such as "Introduction", "Conclusion"..etc
April 21, 2009 — Keeping warm isn't the only
reason lizards and other cold-blooded critters bask in the sun.
According to a study published in the May/June issue of Physiological
and Biochemical Zoology, chameleons alter their sunbathing behavior
based on their need for vitamin D.
"It's a longstanding assumption that thermoregulation is the only
reason that lizards bask," says Kristopher Karsten, a biologist at
Texas Christian University who led the study. "Our results suggest that
in addition to thermoregulation, vitamin D regulation appears to have a
significant impact on basking behavior as well."
Chameleons, like humans and most other vertebrates, get vitamin D in
two ways: They can absorb it from food, and they can produce it in
their skin. In order to produce vitamin D, however, the skin must be
exposed to UV radiation.
To test whether chameleons alter their sunning behavior based on
dietary vitamin D intake, Karsten observed the behavior of two
different groups of chameleons. One group had high internal vitamin D
levels, thanks to a diet of crickets dusted with a vitamin D powder.
The other group ate regular crickets and had low vitamin D. The
chameleons were then placed in individual outdoor enclosures that
offered open area for direct sun, and a tree to offer filtered sun and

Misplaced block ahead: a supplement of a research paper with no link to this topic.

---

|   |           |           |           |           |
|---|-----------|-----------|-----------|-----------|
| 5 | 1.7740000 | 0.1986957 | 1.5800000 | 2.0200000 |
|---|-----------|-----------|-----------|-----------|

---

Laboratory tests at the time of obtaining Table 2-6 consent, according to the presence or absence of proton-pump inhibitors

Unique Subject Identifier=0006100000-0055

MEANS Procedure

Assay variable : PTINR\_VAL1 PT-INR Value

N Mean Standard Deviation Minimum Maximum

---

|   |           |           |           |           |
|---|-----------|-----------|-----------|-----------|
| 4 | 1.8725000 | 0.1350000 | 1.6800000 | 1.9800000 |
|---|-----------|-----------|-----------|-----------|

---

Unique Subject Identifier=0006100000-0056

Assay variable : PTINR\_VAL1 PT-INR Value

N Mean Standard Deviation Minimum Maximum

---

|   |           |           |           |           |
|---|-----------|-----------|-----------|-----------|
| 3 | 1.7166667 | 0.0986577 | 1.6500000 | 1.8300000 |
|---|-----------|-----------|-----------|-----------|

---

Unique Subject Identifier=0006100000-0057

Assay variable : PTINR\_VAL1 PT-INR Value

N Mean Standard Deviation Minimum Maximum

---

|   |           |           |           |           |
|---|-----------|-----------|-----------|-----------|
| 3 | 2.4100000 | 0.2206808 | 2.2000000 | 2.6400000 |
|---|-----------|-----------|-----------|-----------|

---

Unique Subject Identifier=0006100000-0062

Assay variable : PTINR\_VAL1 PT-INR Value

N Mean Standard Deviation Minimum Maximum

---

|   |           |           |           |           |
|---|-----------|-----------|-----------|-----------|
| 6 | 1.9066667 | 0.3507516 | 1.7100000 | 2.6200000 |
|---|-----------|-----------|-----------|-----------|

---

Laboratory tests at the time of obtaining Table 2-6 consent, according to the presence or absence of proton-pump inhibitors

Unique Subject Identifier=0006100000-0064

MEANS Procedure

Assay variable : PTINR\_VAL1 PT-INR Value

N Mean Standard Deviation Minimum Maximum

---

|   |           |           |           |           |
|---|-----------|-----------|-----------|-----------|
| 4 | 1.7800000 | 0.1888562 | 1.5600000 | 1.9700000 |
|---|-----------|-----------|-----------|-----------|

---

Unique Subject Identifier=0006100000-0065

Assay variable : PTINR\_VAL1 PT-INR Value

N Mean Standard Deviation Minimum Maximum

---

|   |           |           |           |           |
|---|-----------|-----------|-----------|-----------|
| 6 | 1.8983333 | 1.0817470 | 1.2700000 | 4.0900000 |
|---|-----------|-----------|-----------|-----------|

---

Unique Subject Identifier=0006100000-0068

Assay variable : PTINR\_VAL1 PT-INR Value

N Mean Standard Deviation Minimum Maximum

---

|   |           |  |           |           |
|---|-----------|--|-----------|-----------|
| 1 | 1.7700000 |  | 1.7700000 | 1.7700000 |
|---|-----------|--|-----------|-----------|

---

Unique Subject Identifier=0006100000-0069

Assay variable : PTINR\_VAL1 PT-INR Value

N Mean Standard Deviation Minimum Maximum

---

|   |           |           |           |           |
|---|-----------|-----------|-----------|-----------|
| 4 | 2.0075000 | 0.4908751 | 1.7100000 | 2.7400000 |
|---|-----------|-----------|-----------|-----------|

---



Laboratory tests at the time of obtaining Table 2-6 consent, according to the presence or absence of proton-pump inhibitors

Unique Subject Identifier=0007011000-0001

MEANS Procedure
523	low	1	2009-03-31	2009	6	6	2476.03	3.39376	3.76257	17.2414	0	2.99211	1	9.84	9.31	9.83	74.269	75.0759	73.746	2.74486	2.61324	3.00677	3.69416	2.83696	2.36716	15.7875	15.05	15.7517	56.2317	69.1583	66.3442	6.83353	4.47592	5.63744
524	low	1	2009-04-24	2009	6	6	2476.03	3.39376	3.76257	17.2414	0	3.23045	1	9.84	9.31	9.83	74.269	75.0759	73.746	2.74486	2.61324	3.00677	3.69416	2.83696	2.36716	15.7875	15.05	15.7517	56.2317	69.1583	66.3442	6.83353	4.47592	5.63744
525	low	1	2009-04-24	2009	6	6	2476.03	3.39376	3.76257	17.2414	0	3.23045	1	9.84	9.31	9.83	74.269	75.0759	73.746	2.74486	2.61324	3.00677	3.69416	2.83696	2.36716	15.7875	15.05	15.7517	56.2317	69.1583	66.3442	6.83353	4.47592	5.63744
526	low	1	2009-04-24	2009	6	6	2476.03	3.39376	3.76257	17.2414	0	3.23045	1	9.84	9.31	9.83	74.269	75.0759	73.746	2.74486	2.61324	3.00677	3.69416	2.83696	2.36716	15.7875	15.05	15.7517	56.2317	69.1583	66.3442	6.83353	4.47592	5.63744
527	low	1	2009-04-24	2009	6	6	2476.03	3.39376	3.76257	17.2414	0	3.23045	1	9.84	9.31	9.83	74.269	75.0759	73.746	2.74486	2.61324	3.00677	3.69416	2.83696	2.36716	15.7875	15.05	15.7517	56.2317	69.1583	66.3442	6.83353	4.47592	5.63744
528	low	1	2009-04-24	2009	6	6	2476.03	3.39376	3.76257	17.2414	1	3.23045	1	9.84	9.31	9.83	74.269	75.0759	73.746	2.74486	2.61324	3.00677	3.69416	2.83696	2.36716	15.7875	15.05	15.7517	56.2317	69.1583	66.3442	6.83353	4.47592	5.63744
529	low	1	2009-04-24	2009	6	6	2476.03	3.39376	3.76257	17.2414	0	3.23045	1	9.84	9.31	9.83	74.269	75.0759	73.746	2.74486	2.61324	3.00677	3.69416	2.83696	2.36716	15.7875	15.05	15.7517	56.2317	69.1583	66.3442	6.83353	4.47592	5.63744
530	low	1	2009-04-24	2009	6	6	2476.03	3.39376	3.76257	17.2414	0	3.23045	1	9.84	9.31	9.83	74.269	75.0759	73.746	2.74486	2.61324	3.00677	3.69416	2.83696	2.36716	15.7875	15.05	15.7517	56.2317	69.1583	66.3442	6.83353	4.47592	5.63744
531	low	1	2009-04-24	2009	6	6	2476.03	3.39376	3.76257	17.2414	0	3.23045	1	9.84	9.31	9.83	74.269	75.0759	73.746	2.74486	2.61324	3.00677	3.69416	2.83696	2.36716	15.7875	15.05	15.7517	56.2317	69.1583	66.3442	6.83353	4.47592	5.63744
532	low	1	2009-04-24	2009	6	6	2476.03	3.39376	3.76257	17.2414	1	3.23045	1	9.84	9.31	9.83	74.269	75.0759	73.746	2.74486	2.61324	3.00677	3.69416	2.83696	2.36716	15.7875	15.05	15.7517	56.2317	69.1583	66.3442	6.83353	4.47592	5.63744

Chameleons generally move from sun to shade throughout the day. But
Karsten found that chameleons fed the low vitamin D diet compensated by
increasing their exposure to the sun's UV rays. Chameleons with high
vitamin D diets, on the other hand, limited their UV exposure.
"It appears that panther chameleons have the ability to gauge their
internal vitamin D levels and alter their basking behavior
accordingly," Karsten says.
And they do it with remarkable accuracy.
"The chameleons were as effective as mathematically possible by our
methods at regulating toward optimal UV exposure for their vitamin D
profile," he says. "We thought they were probably pretty good at
regulating their UV exposure; we just didn't think they'd be this good."
It's not clear, however, by what mechanism they are able to sense
their internal vitamin D levels, but Karsten thinks there may be a
brain receptor sensitive to the vitamin.
"Given the ability for panther chameleons to precisely, accurately
and effectively adjust basking behavior as a direct result of vitamin
D3, [a brain vitamin D receptor] seems likely to occur in panther
Enter the code exactly as it appears. All letters are case insensitive.